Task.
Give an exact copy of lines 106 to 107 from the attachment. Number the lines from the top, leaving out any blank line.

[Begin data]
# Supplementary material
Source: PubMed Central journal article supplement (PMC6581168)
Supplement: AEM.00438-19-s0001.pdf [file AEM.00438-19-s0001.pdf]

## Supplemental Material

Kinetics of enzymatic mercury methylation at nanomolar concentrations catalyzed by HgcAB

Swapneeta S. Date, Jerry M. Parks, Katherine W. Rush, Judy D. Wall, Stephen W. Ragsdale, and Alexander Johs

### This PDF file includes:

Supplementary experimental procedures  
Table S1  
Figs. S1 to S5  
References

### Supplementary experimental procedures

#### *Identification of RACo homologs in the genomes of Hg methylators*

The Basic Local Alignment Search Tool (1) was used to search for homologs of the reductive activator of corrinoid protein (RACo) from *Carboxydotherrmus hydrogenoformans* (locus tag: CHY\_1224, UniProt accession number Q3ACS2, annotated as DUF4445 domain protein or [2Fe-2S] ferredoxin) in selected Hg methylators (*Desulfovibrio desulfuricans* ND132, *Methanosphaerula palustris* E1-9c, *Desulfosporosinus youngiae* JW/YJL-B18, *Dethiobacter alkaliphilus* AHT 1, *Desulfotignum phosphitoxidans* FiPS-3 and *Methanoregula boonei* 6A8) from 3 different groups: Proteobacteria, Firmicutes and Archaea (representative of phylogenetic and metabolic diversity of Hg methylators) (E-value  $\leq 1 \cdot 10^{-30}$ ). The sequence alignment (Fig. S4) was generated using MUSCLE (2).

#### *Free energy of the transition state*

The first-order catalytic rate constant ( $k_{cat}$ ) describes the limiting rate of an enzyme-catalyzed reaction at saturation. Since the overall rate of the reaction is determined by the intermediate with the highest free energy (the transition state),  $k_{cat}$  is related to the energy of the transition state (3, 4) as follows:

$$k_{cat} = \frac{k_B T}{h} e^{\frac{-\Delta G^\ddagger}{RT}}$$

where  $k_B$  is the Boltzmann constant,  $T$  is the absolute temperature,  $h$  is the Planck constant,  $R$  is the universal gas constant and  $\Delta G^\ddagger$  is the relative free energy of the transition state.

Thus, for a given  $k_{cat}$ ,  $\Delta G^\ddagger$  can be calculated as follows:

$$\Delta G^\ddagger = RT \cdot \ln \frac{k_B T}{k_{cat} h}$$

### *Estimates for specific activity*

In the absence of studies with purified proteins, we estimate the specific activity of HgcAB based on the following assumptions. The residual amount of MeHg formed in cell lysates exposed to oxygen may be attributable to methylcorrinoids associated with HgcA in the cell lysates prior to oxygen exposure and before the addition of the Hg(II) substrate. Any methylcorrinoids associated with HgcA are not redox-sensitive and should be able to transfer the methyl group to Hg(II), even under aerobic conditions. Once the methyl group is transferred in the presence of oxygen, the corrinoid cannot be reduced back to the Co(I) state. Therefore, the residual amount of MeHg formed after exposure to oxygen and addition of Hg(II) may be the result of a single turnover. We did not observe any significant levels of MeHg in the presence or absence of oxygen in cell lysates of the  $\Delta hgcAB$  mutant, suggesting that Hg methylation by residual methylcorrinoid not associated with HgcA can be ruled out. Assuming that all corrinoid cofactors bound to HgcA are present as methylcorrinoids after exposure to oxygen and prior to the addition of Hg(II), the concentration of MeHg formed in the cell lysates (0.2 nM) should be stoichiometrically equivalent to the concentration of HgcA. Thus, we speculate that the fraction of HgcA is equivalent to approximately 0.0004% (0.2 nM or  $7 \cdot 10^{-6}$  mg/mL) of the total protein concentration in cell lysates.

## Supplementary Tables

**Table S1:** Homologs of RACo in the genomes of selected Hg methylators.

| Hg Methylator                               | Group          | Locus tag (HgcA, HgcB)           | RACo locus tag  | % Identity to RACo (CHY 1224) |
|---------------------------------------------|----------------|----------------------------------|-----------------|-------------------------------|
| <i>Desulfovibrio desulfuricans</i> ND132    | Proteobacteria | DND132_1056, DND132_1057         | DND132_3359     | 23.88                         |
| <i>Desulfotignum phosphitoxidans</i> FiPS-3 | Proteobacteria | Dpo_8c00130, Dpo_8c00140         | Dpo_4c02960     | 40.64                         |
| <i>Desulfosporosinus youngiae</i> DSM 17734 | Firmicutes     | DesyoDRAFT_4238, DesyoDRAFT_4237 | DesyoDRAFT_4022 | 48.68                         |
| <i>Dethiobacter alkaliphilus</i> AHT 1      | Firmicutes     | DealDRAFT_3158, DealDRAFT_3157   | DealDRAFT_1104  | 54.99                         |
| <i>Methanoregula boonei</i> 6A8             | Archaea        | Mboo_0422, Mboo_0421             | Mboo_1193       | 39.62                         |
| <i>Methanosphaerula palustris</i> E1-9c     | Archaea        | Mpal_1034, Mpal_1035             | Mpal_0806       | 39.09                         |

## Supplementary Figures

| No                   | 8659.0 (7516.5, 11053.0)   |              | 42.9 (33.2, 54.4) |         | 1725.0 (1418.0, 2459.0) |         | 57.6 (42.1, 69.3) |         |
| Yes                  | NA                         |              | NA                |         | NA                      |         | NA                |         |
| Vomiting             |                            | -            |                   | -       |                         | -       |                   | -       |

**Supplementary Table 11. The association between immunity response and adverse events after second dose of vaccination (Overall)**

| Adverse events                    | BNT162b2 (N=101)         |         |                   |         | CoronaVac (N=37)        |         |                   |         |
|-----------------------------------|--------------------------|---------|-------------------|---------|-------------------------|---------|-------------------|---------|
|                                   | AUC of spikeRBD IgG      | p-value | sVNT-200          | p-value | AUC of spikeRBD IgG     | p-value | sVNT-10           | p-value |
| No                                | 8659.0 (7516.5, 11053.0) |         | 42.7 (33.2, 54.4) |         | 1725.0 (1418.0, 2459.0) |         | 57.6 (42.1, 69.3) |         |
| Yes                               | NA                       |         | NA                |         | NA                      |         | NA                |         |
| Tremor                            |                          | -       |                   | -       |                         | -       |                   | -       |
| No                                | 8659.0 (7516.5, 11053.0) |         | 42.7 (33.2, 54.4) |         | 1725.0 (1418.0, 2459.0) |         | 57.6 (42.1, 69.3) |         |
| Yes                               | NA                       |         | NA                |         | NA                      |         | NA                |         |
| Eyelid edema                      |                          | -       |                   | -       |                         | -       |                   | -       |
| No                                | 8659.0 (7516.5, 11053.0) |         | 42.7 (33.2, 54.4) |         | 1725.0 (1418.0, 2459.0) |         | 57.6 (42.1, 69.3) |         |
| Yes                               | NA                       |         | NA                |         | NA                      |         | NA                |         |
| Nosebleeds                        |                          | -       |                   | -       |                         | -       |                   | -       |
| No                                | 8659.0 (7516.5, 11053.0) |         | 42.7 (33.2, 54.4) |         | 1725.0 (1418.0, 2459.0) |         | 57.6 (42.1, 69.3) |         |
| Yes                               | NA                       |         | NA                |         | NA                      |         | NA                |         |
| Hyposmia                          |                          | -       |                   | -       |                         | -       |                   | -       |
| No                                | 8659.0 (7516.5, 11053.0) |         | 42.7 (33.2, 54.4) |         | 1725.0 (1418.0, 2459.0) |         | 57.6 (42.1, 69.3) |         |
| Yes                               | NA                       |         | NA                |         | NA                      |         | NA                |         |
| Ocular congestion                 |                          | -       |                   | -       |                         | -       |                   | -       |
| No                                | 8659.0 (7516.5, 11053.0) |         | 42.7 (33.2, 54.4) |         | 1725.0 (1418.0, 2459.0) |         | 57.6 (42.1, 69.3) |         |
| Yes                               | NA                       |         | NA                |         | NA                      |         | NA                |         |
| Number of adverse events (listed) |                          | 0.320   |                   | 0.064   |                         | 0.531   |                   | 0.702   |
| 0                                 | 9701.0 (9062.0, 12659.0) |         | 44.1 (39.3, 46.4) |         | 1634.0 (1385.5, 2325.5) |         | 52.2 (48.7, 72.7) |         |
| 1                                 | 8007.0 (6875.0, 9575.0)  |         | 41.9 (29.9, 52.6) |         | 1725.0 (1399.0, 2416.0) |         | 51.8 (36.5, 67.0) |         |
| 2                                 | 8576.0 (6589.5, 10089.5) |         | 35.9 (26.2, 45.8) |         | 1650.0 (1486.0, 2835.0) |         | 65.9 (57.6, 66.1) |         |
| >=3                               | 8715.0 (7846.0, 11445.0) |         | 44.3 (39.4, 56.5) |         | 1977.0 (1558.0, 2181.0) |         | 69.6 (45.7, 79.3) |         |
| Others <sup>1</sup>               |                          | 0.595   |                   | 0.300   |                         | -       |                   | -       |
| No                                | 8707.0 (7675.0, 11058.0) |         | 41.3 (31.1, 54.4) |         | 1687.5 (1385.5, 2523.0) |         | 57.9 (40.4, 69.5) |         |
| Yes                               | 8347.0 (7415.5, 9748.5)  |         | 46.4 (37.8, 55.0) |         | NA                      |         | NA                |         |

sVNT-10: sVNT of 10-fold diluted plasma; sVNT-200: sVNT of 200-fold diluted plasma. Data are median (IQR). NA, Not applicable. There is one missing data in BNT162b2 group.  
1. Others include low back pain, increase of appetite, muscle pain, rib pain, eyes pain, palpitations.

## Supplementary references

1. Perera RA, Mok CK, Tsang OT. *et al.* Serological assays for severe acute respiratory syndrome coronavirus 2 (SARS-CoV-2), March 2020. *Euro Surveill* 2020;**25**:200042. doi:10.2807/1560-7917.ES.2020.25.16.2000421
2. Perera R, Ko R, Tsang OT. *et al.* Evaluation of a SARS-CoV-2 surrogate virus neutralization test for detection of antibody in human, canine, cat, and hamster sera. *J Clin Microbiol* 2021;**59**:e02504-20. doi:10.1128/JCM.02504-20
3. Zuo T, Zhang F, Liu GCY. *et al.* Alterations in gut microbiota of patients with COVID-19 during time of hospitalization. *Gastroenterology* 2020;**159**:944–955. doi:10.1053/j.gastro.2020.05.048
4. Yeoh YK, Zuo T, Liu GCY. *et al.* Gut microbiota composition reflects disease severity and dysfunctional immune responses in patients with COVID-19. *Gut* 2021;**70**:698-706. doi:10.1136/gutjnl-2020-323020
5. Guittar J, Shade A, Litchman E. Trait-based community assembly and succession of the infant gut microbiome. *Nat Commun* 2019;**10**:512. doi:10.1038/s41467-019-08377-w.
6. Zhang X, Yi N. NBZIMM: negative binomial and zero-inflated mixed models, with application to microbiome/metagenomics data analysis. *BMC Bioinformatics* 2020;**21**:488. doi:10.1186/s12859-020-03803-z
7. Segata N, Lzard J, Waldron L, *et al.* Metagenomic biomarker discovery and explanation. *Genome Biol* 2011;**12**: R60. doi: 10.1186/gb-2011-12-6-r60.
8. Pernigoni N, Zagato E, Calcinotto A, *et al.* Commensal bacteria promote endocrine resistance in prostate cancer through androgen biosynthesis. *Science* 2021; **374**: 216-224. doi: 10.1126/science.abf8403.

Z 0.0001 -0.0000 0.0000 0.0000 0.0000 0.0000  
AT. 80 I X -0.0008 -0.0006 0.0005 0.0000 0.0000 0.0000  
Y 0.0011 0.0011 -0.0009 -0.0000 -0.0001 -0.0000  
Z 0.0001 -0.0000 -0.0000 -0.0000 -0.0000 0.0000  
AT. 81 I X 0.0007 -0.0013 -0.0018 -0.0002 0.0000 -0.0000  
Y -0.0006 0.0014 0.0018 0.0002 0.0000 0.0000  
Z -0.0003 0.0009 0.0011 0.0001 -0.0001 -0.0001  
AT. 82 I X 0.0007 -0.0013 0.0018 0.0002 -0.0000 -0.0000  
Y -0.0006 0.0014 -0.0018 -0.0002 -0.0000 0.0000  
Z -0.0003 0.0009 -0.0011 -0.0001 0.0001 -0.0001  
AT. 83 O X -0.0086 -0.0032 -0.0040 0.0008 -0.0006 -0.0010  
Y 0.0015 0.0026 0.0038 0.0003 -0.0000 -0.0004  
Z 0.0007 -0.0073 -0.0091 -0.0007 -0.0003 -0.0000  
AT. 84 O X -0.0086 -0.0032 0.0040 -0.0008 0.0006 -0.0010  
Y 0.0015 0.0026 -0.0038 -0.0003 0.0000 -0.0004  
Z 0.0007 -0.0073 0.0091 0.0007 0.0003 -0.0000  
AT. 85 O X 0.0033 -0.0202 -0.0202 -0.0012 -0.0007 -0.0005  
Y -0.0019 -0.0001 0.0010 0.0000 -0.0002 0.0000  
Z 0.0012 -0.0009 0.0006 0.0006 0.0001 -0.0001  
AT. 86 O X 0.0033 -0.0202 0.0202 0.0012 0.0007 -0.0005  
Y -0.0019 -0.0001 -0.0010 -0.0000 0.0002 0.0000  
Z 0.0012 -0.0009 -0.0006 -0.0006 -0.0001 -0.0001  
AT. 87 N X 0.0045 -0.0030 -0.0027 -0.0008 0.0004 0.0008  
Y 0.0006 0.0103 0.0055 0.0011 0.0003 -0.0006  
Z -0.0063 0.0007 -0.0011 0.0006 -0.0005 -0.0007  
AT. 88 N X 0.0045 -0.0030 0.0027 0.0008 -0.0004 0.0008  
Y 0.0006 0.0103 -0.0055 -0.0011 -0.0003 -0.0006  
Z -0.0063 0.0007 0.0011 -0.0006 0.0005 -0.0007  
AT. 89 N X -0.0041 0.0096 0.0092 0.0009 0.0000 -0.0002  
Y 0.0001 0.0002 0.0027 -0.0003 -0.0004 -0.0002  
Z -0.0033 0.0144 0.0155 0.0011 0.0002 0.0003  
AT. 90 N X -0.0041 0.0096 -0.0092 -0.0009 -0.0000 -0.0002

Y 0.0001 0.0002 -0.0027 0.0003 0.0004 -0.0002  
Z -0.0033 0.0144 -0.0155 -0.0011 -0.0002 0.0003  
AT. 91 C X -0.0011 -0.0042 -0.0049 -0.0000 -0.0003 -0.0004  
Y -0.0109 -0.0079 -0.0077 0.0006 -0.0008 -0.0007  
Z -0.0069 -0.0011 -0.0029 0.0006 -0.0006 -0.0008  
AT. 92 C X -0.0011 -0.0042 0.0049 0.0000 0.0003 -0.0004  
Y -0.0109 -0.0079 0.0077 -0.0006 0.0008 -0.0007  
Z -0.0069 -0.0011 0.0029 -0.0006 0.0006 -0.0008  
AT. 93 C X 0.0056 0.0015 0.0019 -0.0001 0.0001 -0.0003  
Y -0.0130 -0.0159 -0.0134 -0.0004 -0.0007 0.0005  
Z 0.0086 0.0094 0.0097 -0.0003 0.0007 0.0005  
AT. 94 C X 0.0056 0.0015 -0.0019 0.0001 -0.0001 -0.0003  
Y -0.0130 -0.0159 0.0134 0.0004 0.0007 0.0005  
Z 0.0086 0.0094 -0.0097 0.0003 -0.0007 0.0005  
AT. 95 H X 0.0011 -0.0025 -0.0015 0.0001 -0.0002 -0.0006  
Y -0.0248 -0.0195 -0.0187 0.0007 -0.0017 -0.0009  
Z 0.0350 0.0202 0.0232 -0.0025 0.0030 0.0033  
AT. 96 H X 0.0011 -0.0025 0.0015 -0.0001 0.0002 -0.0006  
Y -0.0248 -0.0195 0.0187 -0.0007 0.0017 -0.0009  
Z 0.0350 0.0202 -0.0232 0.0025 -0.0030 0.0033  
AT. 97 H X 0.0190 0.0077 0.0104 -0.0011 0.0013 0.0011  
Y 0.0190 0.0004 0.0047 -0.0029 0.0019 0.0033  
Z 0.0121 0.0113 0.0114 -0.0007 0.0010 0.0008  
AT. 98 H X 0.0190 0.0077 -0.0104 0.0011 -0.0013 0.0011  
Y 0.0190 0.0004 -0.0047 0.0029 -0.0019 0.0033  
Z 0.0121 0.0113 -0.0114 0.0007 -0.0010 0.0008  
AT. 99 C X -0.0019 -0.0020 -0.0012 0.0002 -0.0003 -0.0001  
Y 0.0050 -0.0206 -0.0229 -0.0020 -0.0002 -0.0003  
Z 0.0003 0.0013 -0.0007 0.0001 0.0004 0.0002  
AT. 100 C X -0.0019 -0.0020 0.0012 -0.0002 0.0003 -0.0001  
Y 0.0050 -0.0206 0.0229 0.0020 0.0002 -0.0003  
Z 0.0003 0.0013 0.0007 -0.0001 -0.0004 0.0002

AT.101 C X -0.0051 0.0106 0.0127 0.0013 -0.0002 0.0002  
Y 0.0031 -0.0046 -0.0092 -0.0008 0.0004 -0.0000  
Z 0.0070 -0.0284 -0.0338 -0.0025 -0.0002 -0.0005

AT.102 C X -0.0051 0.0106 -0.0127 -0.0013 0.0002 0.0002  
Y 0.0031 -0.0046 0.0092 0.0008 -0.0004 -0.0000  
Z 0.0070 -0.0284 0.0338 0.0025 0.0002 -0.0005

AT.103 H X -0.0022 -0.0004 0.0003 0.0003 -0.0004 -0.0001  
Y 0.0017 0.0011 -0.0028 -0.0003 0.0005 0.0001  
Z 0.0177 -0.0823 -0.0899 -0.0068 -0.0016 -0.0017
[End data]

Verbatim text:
Y 0.0001 0.0002 0.0027 -0.0003 -0.0004 -0.0002  
Z -0.0033 0.0144 0.0155 0.0011 0.0002 0.0003  